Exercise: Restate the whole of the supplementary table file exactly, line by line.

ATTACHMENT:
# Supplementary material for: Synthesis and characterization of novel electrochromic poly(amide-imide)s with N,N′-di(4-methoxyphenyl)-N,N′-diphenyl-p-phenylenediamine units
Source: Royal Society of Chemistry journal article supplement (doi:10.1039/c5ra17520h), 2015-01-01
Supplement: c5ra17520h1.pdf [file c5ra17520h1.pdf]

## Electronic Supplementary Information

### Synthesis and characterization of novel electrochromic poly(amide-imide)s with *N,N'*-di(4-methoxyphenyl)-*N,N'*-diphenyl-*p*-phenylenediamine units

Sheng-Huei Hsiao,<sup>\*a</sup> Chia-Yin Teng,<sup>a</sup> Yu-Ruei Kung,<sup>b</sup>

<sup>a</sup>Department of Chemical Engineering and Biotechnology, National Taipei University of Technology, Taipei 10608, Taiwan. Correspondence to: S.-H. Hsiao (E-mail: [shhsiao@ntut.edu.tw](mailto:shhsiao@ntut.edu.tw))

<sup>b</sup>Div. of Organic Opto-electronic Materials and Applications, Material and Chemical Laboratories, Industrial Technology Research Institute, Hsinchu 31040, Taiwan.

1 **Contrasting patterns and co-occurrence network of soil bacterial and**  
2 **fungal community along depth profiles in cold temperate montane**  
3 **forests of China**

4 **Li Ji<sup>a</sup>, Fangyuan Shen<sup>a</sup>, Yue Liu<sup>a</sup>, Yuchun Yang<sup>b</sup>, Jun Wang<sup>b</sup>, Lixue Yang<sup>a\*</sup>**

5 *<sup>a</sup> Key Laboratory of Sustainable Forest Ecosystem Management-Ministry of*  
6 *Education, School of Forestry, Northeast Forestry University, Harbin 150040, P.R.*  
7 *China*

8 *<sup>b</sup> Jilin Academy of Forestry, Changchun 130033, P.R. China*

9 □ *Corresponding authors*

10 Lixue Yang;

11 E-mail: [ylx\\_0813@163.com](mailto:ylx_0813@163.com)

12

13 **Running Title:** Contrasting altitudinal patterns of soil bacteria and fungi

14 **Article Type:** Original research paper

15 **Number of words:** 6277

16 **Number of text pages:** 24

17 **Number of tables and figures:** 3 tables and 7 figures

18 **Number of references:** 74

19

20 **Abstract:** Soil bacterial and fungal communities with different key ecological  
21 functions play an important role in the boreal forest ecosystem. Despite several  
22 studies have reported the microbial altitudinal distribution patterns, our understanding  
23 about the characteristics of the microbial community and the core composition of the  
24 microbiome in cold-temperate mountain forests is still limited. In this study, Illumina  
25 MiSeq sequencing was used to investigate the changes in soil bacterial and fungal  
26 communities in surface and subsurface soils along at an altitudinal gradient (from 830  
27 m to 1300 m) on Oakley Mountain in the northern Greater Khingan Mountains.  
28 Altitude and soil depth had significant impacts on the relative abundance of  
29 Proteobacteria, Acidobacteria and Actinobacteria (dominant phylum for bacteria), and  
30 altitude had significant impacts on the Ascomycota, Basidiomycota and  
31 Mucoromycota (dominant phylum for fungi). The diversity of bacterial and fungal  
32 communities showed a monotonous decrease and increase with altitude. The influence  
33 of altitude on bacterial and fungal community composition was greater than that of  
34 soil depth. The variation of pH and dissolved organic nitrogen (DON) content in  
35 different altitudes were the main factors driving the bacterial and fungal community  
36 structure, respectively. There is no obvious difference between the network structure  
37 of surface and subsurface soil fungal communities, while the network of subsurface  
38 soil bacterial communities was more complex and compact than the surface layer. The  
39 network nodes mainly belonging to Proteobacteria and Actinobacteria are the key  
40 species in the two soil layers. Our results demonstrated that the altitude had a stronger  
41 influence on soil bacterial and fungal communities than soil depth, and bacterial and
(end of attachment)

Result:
# Supplementary material for: Synthesis and characterization of novel electrochromic poly(amide-imide)s with N,N′-di(4-methoxyphenyl)-N,N′-diphenyl-p-phenylenediamine units
Source: Royal Society of Chemistry journal article supplement (doi:10.1039/c5ra17520h), 2015-01-01
Supplement: c5ra17520h1.pdf [file c5ra17520h1.pdf]

## Electronic Supplementary Information

### Synthesis and characterization of novel electrochromic poly(amide-imide)s with *N,N'*-di(4-methoxyphenyl)-*N,N'*-diphenyl-*p*-phenylenediamine units

Sheng-Huei Hsiao,<sup>\*a</sup> Chia-Yin Teng,<sup>a</sup> Yu-Ruei Kung,<sup>b</sup>

<sup>a</sup>Department of Chemical Engineering and Biotechnology, National Taipei University of Technology, Taipei 10608, Taiwan. Correspondence to: S.-H. Hsiao (E-mail: [shhsiao@ntut.edu.tw](mailto:shhsiao@ntut.edu.tw))

<sup>b</sup>Div. of Organic Opto-electronic Materials and Applications, Material and Chemical Laboratories, Industrial Technology Research Institute, Hsinchu 31040, Taiwan.

1 **Contrasting patterns and co-occurrence network of soil bacterial and**  
2 **fungal community along depth profiles in cold temperate montane**  
3 **forests of China**

4 **Li Ji<sup>a</sup>, Fangyuan Shen<sup>a</sup>, Yue Liu<sup>a</sup>, Yuchun Yang<sup>b</sup>, Jun Wang<sup>b</sup>, Lixue Yang<sup>a\*</sup>**

5 *<sup>a</sup> Key Laboratory of Sustainable Forest Ecosystem Management-Ministry of*  
6 *Education, School of Forestry, Northeast Forestry University, Harbin 150040, P.R.*  
7 *China*

8 *<sup>b</sup> Jilin Academy of Forestry, Changchun 130033, P.R. China*

9 □ *Corresponding authors*

10 Lixue Yang;

11 E-mail: [ylx\\_0813@163.com](mailto:ylx_0813@163.com)

12

13 **Running Title:** Contrasting altitudinal patterns of soil bacteria and fungi

14 **Article Type:** Original research paper

15 **Number of words:** 6277

16 **Number of text pages:** 24

17 **Number of tables and figures:** 3 tables and 7 figures

18 **Number of references:** 74

19

20 **Abstract:** Soil bacterial and fungal communities with different key ecological  
21 functions play an important role in the boreal forest ecosystem. Despite several  
22 studies have reported the microbial altitudinal distribution patterns, our understanding  
23 about the characteristics of the microbial community and the core composition of the  
24 microbiome in cold-temperate mountain forests is still limited. In this study, Illumina  
25 MiSeq sequencing was used to investigate the changes in soil bacterial and fungal  
26 communities in surface and subsurface soils along at an altitudinal gradient (from 830  
27 m to 1300 m) on Oakley Mountain in the northern Greater Khingan Mountains.  
28 Altitude and soil depth had significant impacts on the relative abundance of  
29 Proteobacteria, Acidobacteria and Actinobacteria (dominant phylum for bacteria), and  
30 altitude had significant impacts on the Ascomycota, Basidiomycota and  
31 Mucoromycota (dominant phylum for fungi). The diversity of bacterial and fungal  
32 communities showed a monotonous decrease and increase with altitude. The influence  
33 of altitude on bacterial and fungal community composition was greater than that of  
34 soil depth. The variation of pH and dissolved organic nitrogen (DON) content in  
35 different altitudes were the main factors driving the bacterial and fungal community  
36 structure, respectively. There is no obvious difference between the network structure  
37 of surface and subsurface soil fungal communities, while the network of subsurface  
38 soil bacterial communities was more complex and compact than the surface layer. The  
39 network nodes mainly belonging to Proteobacteria and Actinobacteria are the key  
40 species in the two soil layers. Our results demonstrated that the altitude had a stronger  
41 influence on soil bacterial and fungal communities than soil depth, and bacterial and